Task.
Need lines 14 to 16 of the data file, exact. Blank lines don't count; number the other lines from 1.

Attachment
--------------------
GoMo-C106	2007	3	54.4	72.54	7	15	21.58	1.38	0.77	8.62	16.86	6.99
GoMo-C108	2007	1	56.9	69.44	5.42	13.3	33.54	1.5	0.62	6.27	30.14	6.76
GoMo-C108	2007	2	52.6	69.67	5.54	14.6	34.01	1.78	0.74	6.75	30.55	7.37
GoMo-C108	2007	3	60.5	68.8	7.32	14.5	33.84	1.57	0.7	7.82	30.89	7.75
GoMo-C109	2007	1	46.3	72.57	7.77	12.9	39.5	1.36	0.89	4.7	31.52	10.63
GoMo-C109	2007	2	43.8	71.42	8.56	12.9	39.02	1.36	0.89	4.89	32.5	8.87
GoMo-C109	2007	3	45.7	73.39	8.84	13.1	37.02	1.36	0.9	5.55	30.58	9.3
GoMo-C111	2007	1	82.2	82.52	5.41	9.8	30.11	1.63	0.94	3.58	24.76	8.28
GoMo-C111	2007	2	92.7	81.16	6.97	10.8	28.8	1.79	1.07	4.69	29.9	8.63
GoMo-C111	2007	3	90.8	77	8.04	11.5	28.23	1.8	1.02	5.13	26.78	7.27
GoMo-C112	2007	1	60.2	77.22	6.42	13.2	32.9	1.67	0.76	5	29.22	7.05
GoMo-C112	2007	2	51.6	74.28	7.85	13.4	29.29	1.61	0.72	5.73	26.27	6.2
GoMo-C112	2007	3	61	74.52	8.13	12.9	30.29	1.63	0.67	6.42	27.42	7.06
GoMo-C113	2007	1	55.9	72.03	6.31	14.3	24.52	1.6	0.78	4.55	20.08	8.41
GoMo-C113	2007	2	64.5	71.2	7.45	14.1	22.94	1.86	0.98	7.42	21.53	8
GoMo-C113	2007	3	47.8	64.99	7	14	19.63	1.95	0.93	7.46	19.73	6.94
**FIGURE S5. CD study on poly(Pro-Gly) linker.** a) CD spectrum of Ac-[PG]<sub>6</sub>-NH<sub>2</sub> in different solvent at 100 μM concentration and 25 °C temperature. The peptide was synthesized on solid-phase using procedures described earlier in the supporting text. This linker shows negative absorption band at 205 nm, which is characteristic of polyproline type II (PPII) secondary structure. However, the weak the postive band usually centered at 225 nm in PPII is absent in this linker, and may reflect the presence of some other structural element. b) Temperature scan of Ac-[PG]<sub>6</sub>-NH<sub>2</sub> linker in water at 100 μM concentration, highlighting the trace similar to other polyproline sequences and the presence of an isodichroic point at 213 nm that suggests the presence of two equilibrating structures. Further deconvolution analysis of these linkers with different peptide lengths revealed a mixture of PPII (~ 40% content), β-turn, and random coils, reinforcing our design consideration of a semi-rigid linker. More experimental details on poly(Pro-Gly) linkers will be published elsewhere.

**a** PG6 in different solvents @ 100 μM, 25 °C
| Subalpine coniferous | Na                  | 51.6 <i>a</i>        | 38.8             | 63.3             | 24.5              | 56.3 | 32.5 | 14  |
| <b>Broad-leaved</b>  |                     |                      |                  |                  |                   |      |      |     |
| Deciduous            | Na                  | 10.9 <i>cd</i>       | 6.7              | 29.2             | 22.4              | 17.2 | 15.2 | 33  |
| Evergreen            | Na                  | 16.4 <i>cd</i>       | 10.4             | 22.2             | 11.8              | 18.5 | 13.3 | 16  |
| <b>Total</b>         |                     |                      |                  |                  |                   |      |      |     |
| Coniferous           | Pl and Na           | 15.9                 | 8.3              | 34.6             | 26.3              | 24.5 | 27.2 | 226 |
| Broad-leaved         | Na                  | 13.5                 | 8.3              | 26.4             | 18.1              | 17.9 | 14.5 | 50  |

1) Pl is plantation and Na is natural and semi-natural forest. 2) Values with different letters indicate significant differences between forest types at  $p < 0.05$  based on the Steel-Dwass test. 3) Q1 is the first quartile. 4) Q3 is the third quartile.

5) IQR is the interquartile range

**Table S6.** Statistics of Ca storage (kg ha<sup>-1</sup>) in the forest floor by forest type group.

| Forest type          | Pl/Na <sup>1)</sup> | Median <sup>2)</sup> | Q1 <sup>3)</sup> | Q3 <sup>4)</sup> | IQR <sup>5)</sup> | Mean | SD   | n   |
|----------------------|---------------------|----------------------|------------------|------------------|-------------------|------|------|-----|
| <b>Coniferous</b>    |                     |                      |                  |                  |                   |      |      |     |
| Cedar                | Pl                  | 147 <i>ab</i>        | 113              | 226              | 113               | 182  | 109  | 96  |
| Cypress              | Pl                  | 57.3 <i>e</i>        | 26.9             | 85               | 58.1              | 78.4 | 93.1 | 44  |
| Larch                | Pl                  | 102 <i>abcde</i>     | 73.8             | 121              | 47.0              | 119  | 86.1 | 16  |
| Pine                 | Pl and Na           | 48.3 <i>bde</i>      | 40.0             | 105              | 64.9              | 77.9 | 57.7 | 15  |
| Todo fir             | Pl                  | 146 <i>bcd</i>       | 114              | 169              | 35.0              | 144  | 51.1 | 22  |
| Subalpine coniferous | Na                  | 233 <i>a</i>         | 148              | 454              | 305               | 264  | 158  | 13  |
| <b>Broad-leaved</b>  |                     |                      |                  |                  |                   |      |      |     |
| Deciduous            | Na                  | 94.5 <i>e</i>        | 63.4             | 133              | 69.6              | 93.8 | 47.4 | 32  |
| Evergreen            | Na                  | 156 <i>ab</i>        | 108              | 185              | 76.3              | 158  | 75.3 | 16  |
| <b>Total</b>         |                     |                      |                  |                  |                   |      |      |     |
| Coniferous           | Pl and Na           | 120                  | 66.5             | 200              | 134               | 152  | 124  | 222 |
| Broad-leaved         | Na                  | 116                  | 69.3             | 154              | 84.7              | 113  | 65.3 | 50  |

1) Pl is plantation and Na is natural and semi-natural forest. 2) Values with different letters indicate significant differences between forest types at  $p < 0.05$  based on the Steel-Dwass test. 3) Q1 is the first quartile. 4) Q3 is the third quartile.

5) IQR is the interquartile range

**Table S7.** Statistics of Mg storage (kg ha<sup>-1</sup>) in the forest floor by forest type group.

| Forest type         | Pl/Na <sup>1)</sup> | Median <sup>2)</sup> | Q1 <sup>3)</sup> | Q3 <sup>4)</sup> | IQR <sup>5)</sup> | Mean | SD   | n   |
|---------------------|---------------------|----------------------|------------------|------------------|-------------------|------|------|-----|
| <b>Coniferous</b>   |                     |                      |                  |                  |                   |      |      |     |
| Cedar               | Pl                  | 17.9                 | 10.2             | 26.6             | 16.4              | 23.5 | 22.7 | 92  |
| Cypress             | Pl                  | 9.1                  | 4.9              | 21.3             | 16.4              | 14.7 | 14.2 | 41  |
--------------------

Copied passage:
GoMo-C113	2007	1	55.9	72.03	6.31	14.3	24.52	1.6	0.78	4.55	20.08	8.41
GoMo-C113	2007	2	64.5	71.2	7.45	14.1	22.94	1.86	0.98	7.42	21.53	8
GoMo-C113	2007	3	47.8	64.99	7	14	19.63	1.95	0.93	7.46	19.73	6.94